Changes in neural patterns in persons with aphasia following theory-based generative naming treatment
Sandberg, Chaleece Wyatt
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Aphasia is a language disorder that affects approximately 1 million Americans. Word-finding deficits are characteristic of aphasia and are often targeted in therapy. Generalization from trained to untrained items in word-finding therapy is becoming increasingly important in the development of more cost- and time-effective rehabilitation techniques. However, much remains unknown regarding the neural mechanisms underlying generalization. Thus, this dissertation systematically examined the neural mechanisms underlying successful word-finding treatment, paying particular attention to generalization. Experiment 1 explored the neural correlates of abstract and concrete word processing in three persons with aphasia and three age-matched controls. Experiment 2 examined behavioral outcomes of a theoretically based word generation treatment in 12 persons with aphasia in terms of direct training and generalization effects when abstract words in a particular context-category are trained. Experiment 3 examined neuroplastic changes in activation and functional connectivity associated with behavioral direct training and generalization effects of treatment in 10 persons with aphasia when abstract words are trained. Consistent with current theories of abstract and concrete word processmg, Experiment 1 showed that abstract and concrete words elicited different activation patterns m persons with aphasia, similar to neurologically healthy adults. Experiment 2 showed that training abstract words in a generative naming treatment is not only efficacious, but also efficient because it promotes generalization to concrete words in the same context-category for a majority of participants. Finally, Experiment 3 showed that direct training effects coincided with increased activation and functional connectivity for regions involved in abstract word processing and generalization effects coincided with increased activation and functional connectivity for regions involved in concrete word processing. Inferior frontal gyrus and middle temporal gyrus appear to be important for both direct training and generalization effects of treatment. These results suggest that this treatment is promoting reorganization of function to regions that normally process abstract and concrete words and that direct training and generalization may be subserved by similar neural mechanisms, supporting the notion that the generalization seen behaviorally is a true effect of treatment. The results help inform our understanding of the connection between neuroplasticity and behavioral improvement in treatment in aphasia.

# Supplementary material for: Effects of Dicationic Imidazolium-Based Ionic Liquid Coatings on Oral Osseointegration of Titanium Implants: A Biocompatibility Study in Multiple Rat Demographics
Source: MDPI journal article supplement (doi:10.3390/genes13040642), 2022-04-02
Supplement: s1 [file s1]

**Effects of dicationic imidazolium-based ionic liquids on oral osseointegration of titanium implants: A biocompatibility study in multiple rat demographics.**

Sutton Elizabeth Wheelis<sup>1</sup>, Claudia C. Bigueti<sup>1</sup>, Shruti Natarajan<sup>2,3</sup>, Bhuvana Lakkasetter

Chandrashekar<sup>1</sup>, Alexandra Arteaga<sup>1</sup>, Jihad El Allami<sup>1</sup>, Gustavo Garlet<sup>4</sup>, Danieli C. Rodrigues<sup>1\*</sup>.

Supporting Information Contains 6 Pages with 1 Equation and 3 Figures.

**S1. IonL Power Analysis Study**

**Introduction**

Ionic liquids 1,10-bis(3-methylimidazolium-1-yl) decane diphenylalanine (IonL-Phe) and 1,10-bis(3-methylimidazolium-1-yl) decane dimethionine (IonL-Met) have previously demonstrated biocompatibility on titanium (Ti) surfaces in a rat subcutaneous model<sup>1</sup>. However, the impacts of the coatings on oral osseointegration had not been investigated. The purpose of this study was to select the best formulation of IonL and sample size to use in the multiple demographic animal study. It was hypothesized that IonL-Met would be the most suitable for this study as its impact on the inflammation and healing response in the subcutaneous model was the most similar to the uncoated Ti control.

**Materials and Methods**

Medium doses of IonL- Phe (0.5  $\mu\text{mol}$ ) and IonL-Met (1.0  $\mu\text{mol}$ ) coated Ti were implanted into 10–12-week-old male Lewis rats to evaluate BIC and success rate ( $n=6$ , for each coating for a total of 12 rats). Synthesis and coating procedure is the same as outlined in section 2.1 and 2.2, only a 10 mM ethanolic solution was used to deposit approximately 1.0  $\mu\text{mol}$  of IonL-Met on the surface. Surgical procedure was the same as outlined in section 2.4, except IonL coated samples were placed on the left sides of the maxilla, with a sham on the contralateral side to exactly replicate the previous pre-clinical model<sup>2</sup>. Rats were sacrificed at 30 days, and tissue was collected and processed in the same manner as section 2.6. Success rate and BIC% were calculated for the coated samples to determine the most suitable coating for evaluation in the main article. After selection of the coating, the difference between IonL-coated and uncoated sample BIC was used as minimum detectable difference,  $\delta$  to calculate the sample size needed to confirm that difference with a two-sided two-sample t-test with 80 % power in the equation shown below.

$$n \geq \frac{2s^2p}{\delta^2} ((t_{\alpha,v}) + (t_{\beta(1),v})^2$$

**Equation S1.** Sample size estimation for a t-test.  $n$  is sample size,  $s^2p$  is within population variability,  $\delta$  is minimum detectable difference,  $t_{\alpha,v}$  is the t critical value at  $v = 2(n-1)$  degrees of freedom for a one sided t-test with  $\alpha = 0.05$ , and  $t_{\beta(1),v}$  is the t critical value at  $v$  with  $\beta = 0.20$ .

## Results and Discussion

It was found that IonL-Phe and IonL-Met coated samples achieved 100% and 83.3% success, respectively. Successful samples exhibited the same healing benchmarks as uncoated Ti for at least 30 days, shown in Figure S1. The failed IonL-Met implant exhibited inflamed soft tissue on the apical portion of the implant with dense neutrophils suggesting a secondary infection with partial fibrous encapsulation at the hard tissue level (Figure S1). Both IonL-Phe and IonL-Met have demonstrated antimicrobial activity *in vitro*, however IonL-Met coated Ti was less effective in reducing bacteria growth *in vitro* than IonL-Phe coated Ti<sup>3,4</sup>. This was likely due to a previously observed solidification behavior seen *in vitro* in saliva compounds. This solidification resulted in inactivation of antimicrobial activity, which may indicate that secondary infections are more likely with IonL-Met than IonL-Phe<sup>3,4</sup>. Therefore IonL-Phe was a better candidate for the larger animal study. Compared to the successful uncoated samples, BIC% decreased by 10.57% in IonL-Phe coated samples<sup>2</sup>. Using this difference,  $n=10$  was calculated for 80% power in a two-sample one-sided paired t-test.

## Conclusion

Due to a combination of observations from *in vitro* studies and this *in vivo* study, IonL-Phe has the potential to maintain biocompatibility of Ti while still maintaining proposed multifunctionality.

Thesis (Ph.D.)--Boston University N.B.: page 167 appears to be missing from this dissertation. It is unclear whether this is a page numbering error on the author's part, or content is actually missing.